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BOSTON – Researchers at Boston Medical Center (BMC) and Boston University School of Medicine (BUSM), in collaboration with Columbia University Irving Medical Center (CUIMC), are leading a national, multi-site study aimed to achieve earlier diagnosis of transthyretin cardiac amyloidosis (ATTR-CM).
The National Institutes of Health has awarded a five-year, $7.2M grant to fund the Screening for Cardiac Amyloidosis with Nuclear Imaging in Minority Populations (SCAN-MP) trial led by co-principal investigators Frederick L. Ruberg, M.D., at BMC/BUSM’s Amyloidosis Center of Excellence and Mathew S. Maurer, M.D., from CUIMC’s Cardiac Amyloidosis Program. The grant will enable the establishment of an important, community-based cohort of older minority patients with congestive heart failure.
800 participants will be recruited from BMC/BUSM in Boston and the CUIMC, NYP-Allen and Harlem Hospitals in New York City. Since ATTR cardiac amyloidosis is under-diagnosed, the investigators will test the hypothesis that utilization of highly sensitive heart imaging and blood tests can potentially help to diagnose this disease earlier, which means patients could be treated earlier in the disease progression, potentially leading to better patient outcomes. The SCAN-MP trial is particularly designed to identify unrecognized ATTR-CM in older Black and Caribbean Hispanic patients.
Previous research has shown that heart failure with preserved ejection fraction (HFpEF) disproportionately afflicts older Black and Hispanic Americans. HFpEF is a form of heart failure in which the heart muscle pumps normally, but is too stiff to fill the volume of blood needed for consistent heart function with normal heart pressures. Symptoms include shortness of breath, swelling and fatigue. An important but under-recognized cause of this form of heart failure is ATTR-CM. The disease was previously difficult to diagnose, and it was perceived to be very rare.
Amyloidosis results from an abnormal buildup of misfolded protein called amyloid, which results in protein deposits in the heart, nerves and other body systems. There are two types of ATTR amyloidosis, classified by the DNA coding sequence of the Transthyretin (TTR) gene. Wild-type (ATTRwt) occurs in the context of a normal DNA sequence and hereditary (hATTR or ATTRv) results from inherited mutations in the TTR gene sequence. Both types generally affect only older adults, over the age of 60 years. SCAN-MP will not only identify ATTR-CM, but also determine whether there is a genetic or non-genetic cause. This is important because certain currently available treatments are restricted to the hereditary type of ATTR-CM.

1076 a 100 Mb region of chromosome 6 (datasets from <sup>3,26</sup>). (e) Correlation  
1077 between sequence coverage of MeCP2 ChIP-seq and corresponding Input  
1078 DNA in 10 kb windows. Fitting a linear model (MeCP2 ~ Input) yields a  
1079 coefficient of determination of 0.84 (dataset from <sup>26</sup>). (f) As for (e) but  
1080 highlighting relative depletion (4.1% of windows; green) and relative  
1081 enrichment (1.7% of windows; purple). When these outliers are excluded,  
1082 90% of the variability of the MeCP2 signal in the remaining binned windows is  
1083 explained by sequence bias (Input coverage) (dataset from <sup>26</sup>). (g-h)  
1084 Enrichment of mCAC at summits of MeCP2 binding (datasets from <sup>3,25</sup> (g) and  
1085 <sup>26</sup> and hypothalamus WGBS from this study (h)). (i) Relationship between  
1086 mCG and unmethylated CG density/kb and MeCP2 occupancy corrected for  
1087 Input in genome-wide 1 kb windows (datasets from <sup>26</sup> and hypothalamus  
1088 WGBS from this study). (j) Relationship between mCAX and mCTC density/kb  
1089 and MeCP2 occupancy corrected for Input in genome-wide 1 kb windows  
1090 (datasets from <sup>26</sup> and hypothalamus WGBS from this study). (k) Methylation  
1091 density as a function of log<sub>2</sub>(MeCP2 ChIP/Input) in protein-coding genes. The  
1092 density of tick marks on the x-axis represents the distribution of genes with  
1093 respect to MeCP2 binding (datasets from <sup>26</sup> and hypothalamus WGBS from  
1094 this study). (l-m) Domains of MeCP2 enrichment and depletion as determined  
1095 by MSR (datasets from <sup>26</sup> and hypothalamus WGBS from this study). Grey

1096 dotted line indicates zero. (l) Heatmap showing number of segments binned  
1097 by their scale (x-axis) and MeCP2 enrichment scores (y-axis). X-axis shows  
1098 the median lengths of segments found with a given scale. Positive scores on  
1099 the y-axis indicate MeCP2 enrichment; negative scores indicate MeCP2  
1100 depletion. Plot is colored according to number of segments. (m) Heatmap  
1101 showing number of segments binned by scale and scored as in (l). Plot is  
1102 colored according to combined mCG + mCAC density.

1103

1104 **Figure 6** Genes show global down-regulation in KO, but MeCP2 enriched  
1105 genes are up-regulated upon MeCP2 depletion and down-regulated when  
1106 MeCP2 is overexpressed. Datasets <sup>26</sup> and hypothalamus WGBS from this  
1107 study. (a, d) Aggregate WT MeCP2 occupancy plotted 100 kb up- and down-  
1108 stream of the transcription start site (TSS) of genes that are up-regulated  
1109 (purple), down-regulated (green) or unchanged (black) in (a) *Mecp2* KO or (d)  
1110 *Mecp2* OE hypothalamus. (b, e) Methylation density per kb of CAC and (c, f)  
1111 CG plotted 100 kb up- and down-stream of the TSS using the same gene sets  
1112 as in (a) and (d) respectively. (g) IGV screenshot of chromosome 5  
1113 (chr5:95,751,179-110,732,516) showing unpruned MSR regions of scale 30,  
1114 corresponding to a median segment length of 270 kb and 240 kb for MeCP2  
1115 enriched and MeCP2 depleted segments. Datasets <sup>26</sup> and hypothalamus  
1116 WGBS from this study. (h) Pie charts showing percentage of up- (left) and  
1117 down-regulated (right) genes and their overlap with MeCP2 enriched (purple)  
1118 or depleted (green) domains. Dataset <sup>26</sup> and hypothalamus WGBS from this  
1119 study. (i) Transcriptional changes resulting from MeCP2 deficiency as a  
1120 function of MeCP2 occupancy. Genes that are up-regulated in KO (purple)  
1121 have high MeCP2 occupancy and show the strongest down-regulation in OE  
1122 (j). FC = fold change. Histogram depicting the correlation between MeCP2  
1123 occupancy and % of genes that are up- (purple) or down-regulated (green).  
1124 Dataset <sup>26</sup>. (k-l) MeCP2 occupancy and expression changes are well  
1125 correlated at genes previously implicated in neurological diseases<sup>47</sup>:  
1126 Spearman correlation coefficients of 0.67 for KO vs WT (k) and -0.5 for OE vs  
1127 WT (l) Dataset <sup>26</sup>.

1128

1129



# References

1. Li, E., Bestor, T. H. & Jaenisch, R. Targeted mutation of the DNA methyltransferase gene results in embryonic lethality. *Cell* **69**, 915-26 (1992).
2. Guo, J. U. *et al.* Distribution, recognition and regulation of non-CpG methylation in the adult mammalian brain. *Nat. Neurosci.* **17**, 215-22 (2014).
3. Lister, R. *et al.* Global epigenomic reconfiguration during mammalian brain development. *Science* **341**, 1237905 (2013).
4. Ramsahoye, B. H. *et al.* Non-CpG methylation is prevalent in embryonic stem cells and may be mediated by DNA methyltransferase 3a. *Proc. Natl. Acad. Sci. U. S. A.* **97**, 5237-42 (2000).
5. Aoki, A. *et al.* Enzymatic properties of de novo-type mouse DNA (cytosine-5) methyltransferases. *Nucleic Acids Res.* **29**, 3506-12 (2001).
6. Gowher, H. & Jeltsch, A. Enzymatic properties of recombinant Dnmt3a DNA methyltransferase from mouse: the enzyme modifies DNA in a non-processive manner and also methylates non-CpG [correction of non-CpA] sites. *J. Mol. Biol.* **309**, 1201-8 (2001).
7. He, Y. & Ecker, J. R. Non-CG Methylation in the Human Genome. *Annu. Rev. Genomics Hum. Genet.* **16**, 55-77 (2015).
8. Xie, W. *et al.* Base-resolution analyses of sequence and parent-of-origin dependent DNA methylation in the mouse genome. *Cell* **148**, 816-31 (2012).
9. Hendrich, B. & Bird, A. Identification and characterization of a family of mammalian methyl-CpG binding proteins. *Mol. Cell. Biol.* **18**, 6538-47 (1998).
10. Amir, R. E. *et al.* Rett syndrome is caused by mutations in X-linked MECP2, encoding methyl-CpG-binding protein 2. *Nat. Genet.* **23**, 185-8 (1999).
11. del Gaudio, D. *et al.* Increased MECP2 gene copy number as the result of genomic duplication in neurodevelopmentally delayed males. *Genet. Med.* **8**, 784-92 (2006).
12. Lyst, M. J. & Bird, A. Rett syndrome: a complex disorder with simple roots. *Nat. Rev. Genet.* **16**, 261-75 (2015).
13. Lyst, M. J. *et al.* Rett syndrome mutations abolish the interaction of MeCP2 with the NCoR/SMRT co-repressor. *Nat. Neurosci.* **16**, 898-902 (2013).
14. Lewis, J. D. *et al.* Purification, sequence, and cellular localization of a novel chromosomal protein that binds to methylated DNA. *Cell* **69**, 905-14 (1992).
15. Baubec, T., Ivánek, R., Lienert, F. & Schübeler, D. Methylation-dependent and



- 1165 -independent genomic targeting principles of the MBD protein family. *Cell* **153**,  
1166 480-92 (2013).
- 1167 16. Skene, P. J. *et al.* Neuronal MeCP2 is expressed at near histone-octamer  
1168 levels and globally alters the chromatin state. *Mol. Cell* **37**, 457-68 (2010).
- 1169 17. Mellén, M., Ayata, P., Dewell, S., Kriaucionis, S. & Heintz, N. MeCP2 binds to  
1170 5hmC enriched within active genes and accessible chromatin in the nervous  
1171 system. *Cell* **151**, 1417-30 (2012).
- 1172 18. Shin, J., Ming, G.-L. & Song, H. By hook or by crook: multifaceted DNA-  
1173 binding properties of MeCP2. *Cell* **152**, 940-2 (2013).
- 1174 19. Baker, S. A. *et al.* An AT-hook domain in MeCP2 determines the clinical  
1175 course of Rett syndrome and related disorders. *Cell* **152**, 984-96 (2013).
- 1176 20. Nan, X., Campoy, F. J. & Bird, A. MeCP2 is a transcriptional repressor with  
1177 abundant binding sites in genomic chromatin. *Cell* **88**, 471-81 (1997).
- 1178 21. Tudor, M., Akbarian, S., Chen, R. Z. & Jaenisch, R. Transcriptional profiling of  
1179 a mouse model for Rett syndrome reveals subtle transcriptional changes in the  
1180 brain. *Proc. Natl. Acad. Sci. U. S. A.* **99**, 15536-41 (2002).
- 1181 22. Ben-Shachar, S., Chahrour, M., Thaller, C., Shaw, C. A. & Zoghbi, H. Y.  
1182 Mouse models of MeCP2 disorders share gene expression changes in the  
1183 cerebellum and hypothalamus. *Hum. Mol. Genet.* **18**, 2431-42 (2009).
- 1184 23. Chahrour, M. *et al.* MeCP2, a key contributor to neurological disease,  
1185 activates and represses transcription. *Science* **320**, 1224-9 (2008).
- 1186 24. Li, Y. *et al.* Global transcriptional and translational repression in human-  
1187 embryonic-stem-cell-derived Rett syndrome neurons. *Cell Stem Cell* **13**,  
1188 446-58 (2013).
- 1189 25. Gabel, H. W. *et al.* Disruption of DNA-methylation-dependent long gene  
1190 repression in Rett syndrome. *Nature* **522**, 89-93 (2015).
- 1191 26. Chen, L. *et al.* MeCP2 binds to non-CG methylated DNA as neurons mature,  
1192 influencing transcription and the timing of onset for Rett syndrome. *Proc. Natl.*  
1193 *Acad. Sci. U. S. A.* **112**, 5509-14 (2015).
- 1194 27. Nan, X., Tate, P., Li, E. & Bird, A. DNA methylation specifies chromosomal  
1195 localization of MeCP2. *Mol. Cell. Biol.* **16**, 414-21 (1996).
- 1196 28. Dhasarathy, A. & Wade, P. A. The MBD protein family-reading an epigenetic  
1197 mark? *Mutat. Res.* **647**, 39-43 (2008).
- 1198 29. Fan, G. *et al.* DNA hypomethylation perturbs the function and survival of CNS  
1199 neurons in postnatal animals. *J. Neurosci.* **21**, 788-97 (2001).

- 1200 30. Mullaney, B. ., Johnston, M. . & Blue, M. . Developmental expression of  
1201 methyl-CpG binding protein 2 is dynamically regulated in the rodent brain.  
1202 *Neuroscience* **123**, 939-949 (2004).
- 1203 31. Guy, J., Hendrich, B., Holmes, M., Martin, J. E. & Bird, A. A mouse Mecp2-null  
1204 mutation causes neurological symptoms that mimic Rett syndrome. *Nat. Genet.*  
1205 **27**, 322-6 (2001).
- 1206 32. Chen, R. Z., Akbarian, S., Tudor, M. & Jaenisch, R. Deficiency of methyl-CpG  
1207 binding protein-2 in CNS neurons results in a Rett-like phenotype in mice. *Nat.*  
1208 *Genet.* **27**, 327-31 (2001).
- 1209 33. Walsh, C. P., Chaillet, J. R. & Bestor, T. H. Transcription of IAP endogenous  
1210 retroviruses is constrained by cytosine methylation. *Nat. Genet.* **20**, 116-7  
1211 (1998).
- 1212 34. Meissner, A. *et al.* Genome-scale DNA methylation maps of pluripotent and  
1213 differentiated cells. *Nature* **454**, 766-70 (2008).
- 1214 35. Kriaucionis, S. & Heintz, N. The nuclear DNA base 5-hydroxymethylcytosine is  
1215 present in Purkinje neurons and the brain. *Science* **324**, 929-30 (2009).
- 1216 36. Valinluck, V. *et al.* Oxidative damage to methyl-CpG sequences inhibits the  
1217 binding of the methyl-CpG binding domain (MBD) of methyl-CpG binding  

Identification of a mutation in the TTR gene means that family members of the affected patient are also at risk for ATTR-CM. There are no data regarding the prevalence of ATTR-CM in Hispanic people, typically due to the challenge of diagnosis. The investigators hypothesize that a significant proportion of heart failure in elderly people who are Black and Hispanic is caused by ATTR-CM.
“SCAN-MP will help us better understand the prevalence of ATTR cardiac amyloidosis among Black and Hispanic Americans, which could then help us to target better screening for this disease and lead to earlier diagnosis and treatment,” said Ruberg, director of advanced cardiovascular imaging at BMC. “Now that we have treatments available, it is essential we identify afflicted patients early, when treatments are most effective. Thus, we think that the findings of SCAN-MP should directly impact the health outcomes of minority patients with ATTR amyloidosis.”
The SCAN-MP trial, which will enroll patients in Boston and New York, will use a highly accurate nuclear medicine imaging technique for ATTR-CM identification, avoiding the need for a heart biopsy in most cases. Imaging changes can occur before echocardiographic or clinical changes, which suggests enhanced sensitivity for facilitating early diagnosis. Data from SCAN-MP will also calibrate a new point-of-care diagnostic tool to permit an office-based diagnosis of ATTR-CM. The trial will continue to follow participants longitudinally, looking at their quality of life, mobility, frailty, perceptions of the health care system, social determinants of health, and other issues that may impact cardiac amyloidosis diagnosis and treatment.
In addition to supporting earlier diagnosis, this grant will also assist in answering important questions regarding genetics and sex-based differences previously reported in ATTR-CM and explore whether hATTR or ATTRwt have different rates of progression, whether men or women are more affected, clarify the role of genetics in ATTR-CM development, and evaluate biochemical mechanisms that underlie misfolding of the TTR protein that causes ATTR-CM. Insights into the mechanism of TTR misfolding that precede amyloid fibril formation and deposition will be gained through collaboration with Dr. Jeffery Kelly at The Scripps Research Institute.
This grant comes at an exciting time for amyloidosis discovery, as the first specific FDA-approved treatments for ATTR-CM became available in May this year, with other agents in currently in testing. The results of SCAN-MP will represent an important advancement in the approach to minority patients with heart failure.